As of this writing, the answer is clear. Sinwar has rebuffed Israel’s offer. And why shouldn’t he? While placing the blame for the stalled negotiations squarely on Hamas and extolling Israel’s generosity, by opposing a Rafah incursion under any circumstances, the United States is removing Sinwar’s incentive to compromise. He can say “no” and confidently pay no price. Secure behind the human shields used by both Hamas and the United States—the first physically and the second diplomatically—Sinwar has no reason to yield concrete “assets” for anything less than a permanent ceasefire.


This leaves Israel with grim choices. Israel can enter Rafah, risk causing further Palestinian civilian casualties, and suffer a rift with Washington. Or, Israel can consent to endless hostage negotiations and pressure to reduce our already watered-down terms. Israel can restore our internal and regional security and secure the release of at least some of the hostages or forfeit the very attractive carrots—peace with Saudi Arabia, an inter-Arab force to oversee Gaza’s reconstruction, and a regional defense pact against Iran—Washington is purportedly dangling before us in return for not invading Rafah.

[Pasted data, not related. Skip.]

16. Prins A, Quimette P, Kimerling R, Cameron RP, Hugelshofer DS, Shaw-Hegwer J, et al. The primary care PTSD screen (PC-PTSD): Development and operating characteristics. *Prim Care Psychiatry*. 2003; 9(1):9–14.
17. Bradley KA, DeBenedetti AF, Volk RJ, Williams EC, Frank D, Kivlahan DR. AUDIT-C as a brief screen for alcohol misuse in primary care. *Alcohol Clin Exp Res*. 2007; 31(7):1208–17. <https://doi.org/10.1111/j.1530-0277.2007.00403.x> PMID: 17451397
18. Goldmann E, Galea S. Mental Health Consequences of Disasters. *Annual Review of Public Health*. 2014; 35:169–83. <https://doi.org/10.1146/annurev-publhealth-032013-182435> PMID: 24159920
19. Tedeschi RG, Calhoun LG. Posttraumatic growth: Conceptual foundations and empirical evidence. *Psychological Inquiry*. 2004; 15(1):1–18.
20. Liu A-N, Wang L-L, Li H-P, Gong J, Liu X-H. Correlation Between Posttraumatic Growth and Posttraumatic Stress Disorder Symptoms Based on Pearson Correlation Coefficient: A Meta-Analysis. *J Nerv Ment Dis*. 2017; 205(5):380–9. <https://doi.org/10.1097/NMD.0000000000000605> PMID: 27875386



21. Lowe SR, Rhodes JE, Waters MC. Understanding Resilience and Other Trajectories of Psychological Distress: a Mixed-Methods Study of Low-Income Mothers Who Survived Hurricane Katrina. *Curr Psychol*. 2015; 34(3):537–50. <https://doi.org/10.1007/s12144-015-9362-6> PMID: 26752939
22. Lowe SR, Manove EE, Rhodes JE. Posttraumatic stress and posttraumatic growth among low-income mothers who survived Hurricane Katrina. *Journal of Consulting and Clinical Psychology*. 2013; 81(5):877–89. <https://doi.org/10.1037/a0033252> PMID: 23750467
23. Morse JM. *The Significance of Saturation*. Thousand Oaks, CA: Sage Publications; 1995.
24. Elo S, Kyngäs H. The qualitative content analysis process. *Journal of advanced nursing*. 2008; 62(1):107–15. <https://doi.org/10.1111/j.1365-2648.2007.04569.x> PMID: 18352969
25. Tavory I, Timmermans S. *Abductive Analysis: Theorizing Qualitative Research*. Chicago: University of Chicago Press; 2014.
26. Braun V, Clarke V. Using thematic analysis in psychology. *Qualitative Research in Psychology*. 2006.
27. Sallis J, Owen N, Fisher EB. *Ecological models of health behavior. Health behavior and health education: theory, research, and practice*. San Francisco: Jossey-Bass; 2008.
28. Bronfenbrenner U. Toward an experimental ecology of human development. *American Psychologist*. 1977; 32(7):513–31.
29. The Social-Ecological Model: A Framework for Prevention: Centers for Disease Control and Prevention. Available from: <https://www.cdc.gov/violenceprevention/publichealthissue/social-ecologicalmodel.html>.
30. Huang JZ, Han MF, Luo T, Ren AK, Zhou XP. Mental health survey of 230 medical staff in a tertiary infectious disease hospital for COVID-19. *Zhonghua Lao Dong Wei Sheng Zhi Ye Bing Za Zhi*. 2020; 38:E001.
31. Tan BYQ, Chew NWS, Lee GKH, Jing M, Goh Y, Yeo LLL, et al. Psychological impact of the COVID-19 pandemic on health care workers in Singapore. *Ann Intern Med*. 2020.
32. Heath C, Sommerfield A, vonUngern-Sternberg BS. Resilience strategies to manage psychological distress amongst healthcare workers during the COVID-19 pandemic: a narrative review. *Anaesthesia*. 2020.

Many factors brought us to this point, among them the U.S. presidential elections and genuine concern for Palestinian lives, the Israeli government’s refusal to discuss “day after” scenarios or to mount even a minimal public diplomacy defense against charges of war crimes and genocide. But the greatest single determinant was, once again, the human shields. Why have they been so instrumental in deciding the course and perhaps even the outcome of this war? What makes them different from any other civilian population—in Iraq, for example, Syria, and Afghanistan—used by terrorists as protection against regular armies?


It's because the terrorists’ enemies are Jews. By holding Israel not only to a double-standard but, as so often throughout our history, to an utterly unique one, the world endows the Palestinians with a singular status as well. They are not merely one of many nameless victims, but victims par excellence.